ORIGINALLY the Roman name for the island(s) of Britain, Albion, is thought to be derived from the Latin word for white, albus, because Dover’s chalk cliffs were the first sight of it. Later, Albion was used as a poetic description of England, and though the French associated it with English perfidy, Scarborough has had a long-running preference for the name.
Both Falsgrave village and Scarborough town had their own early Albion Places: Falsgrave’s was off Spring Gardens and first dated 1823; Scarborough’s was once where what is now the front of Westborough’s Brunswick shopping centre.
Scarborough’s Albion Place appeared on John Wood’s 1828 plan and its residents were listed in Baines’ directory of 1823. In its earliest days, Albion Place, addressed as Without the Bar or Falsgrave Walk, was one of the town’s best locations, occupied by gentlemen, clergymen, physicians and superior lodging-house keepers. For example, in 1828, Edward Hopper Hebden, banker, bailiff and first chairman of the Cliff Bridge Company, lived there.
By 1855, Thomas Weddell, surgeon, proprietor of the sea-water baths at the pier end of Quay Street and twice mayor, had his home at number 7. Next door but one, at number 5, was Lorenzo Tindall, described as “a general furnishing ironmonger, inventor and manufacturer of the patent diagonal churn, oat crusher, linseed and coffee mills”!
Later, still, readdressed as 27 to 37 Westborough, Albion Place survived, much altered, until as late as 1989, when it was finally and totally demolished.
By 1850, the fast-developing South Cliff had its own Albion Street (now Road), linking Ramshill with the Esplanade. Subsequently, Albion Crescent partly embraced the newly-built St Andrew’s (Balgarnie’s) Congregational church on the opposite side of Ramshill.
However, on the North Side, off North Marine Road, the Albion Mill and Albion Cottages have long since disappeared without trace. Not so the Albion Hotel, at 126 Castle Road, which has kept its name and its licence from as early as 1858.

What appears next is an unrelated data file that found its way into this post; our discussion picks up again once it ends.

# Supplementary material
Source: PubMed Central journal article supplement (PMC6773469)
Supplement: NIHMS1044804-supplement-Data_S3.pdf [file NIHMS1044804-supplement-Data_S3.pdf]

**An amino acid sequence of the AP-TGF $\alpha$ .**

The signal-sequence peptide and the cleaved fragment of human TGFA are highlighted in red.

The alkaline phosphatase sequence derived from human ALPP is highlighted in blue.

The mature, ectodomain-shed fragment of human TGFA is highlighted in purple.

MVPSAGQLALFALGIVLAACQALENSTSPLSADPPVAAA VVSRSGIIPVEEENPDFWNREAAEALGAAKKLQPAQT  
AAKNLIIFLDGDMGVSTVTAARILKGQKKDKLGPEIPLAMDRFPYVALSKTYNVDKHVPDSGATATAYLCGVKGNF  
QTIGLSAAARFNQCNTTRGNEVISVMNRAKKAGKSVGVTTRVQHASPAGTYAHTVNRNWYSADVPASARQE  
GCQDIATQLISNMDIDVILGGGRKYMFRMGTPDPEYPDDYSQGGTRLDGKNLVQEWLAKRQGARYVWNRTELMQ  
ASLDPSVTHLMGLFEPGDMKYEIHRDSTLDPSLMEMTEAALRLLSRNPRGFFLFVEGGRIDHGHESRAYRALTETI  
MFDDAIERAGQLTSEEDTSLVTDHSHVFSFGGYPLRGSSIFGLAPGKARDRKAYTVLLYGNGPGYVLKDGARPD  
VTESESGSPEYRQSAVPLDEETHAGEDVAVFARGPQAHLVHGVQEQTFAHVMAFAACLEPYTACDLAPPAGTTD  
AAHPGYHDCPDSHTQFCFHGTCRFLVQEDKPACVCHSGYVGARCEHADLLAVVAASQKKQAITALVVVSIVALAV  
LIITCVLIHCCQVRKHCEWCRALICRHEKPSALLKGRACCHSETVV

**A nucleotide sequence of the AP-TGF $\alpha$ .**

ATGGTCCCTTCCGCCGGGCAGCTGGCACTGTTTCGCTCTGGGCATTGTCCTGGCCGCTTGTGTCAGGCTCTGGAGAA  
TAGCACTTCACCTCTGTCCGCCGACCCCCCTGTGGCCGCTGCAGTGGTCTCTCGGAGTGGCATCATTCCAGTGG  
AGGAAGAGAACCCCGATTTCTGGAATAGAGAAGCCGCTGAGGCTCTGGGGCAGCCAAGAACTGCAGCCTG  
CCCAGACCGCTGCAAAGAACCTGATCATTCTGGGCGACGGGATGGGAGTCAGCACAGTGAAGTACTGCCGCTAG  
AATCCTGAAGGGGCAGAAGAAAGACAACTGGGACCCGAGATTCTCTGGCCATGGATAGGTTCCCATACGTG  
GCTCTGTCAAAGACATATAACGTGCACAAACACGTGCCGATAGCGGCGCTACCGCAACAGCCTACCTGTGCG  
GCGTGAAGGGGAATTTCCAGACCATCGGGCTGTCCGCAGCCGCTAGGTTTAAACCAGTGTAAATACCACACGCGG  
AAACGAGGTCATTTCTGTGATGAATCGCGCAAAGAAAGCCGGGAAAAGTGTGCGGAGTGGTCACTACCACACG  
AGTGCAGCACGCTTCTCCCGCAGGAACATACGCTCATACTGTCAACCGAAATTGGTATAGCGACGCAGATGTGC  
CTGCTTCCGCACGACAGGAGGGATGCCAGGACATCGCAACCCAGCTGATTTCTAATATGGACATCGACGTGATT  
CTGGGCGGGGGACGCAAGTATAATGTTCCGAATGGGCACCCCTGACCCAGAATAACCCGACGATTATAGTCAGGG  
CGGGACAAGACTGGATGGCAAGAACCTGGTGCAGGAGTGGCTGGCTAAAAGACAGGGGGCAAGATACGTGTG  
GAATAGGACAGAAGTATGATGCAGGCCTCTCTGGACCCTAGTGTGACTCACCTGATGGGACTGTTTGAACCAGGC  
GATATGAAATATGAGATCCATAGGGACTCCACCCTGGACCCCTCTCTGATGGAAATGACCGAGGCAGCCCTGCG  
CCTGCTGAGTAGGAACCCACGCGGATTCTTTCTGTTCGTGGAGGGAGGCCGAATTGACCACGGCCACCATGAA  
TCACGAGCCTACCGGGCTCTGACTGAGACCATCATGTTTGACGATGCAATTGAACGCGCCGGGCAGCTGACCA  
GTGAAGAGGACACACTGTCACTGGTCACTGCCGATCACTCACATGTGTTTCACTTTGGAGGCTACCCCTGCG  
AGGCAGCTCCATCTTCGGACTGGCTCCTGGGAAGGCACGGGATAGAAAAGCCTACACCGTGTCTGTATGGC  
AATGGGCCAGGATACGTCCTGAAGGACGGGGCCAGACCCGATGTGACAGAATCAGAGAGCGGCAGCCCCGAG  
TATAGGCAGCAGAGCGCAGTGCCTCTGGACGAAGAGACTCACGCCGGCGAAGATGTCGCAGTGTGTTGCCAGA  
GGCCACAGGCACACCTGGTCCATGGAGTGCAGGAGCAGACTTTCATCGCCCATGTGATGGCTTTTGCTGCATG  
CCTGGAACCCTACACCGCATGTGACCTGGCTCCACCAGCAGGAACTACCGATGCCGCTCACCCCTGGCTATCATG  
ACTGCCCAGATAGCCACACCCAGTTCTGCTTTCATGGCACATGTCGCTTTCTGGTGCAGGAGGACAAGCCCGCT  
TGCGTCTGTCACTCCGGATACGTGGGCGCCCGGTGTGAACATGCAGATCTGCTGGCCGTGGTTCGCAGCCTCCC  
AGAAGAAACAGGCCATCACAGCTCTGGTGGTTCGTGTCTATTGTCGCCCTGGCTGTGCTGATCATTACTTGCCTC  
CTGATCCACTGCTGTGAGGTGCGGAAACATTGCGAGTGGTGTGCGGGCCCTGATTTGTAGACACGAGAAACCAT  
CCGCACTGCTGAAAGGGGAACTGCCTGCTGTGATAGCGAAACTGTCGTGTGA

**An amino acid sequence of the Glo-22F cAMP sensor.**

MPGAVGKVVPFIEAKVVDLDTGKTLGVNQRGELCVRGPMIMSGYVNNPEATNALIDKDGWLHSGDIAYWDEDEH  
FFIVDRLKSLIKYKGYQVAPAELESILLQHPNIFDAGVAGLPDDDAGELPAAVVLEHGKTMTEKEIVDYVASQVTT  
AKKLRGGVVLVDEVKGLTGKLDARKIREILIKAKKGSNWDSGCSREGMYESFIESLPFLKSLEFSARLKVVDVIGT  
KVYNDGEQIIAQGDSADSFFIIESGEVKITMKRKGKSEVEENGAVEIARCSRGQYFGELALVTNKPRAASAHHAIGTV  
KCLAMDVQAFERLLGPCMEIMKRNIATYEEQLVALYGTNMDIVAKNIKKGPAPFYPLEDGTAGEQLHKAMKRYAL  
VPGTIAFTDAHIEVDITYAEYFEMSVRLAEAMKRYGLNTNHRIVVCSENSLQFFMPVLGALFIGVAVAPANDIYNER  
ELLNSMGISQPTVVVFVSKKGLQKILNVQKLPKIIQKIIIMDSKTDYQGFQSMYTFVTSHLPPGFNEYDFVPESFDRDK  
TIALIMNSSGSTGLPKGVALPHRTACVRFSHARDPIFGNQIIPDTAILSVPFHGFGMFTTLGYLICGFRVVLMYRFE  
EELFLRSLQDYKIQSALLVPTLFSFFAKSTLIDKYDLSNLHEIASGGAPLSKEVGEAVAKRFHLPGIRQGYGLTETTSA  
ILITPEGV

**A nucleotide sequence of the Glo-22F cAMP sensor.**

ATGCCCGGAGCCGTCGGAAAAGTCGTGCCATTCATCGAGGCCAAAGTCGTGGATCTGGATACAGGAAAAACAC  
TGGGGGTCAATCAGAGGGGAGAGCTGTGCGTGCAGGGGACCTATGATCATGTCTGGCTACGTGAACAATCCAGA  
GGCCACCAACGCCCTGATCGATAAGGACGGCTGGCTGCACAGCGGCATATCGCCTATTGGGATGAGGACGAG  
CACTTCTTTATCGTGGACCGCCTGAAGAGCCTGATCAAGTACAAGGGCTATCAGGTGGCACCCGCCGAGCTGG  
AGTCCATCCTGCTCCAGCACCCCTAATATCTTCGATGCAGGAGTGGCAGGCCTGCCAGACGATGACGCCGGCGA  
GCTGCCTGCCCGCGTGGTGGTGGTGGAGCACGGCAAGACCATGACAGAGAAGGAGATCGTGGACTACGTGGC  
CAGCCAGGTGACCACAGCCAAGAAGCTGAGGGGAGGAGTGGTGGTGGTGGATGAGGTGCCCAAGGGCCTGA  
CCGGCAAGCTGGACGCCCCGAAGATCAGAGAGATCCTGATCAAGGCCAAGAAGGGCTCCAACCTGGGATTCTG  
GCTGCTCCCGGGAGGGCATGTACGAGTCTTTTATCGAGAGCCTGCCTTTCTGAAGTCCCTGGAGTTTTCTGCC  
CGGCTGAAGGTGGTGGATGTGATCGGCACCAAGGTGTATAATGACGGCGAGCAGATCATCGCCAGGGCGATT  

Albion Street (1870) once ran between Brook and Barwick Streets from Victoria Road to what was then the end of Trafalgar Street West. But both it and Lower Albion Street, its continuation, leading to Gladstone Road, were fatal victims of the construction of a dual-carriageway built in the early 1930s which became Northway.
Now it is difficult to trace their former courses and all we have to remind us of their existence is Albion House, built in the 1950s. Once the seat of Scarborough’s tax office, it seems that Albion House is to become another of the town’s Job Centres Plus.
The Romans called Ireland Hibernia, the only part of the British isles they wisely did not attempt to subdue. So there are no Roman remains in the Emerald Isle and Ireland is therefore not part of Britannia.
Scarborough’s Hibernia Street was started as early as 1877, but it took nearly 20 years to complete its final, full length all the way to Manor Road. Presumably, the delay was caused by the need to construct a bridge over the new Scarborough to Whitby railway line in the mid-1880s.
Caledonia (1886-92) and Britannia (1894-6) Streets both ended abruptly when they reached the railway line to Whitby and both were intersected by Fairfax Street running across them.
Caledonia, the Roman description of the land between Hadrian’s and Antonine’s Walls which became lowland Scotland, was much later revived by Robert Burns and Sir Walter Scott, the country’s leading nationalist poet and novelist.
Britannia was another name invented by the Romans which came to be applied to the most westerly and remote province of their empire. As early as 160 AD a Roman coin depicted Britannia as a seated female figure representing victory, one of her arms resting on a shield, the other grasping a spear.
Fifteen hundred years later, Charles II revived the name and the design on his halfpenny and farthing copper coins.
Since then Britannia has gradually evolved and gained in face value. Once she looked left, holding an olive branch in one hand and a spear in the other; now she faces right, still bearing an olive branch but also a trident and sits next to the head of a lion. What was originally worth a farthing (960 to the pound) is now two to the decimal pound, but no longer carries Britannia as an inscription. Once she was round and buxom, now she is emaciated, helmeted and seven-sided. Only her shield with its union flag motto remains unaltered. The biggest change, however, is that Britannia no longer rules the waves as she certainly did when Britannia Street was dedicated to her.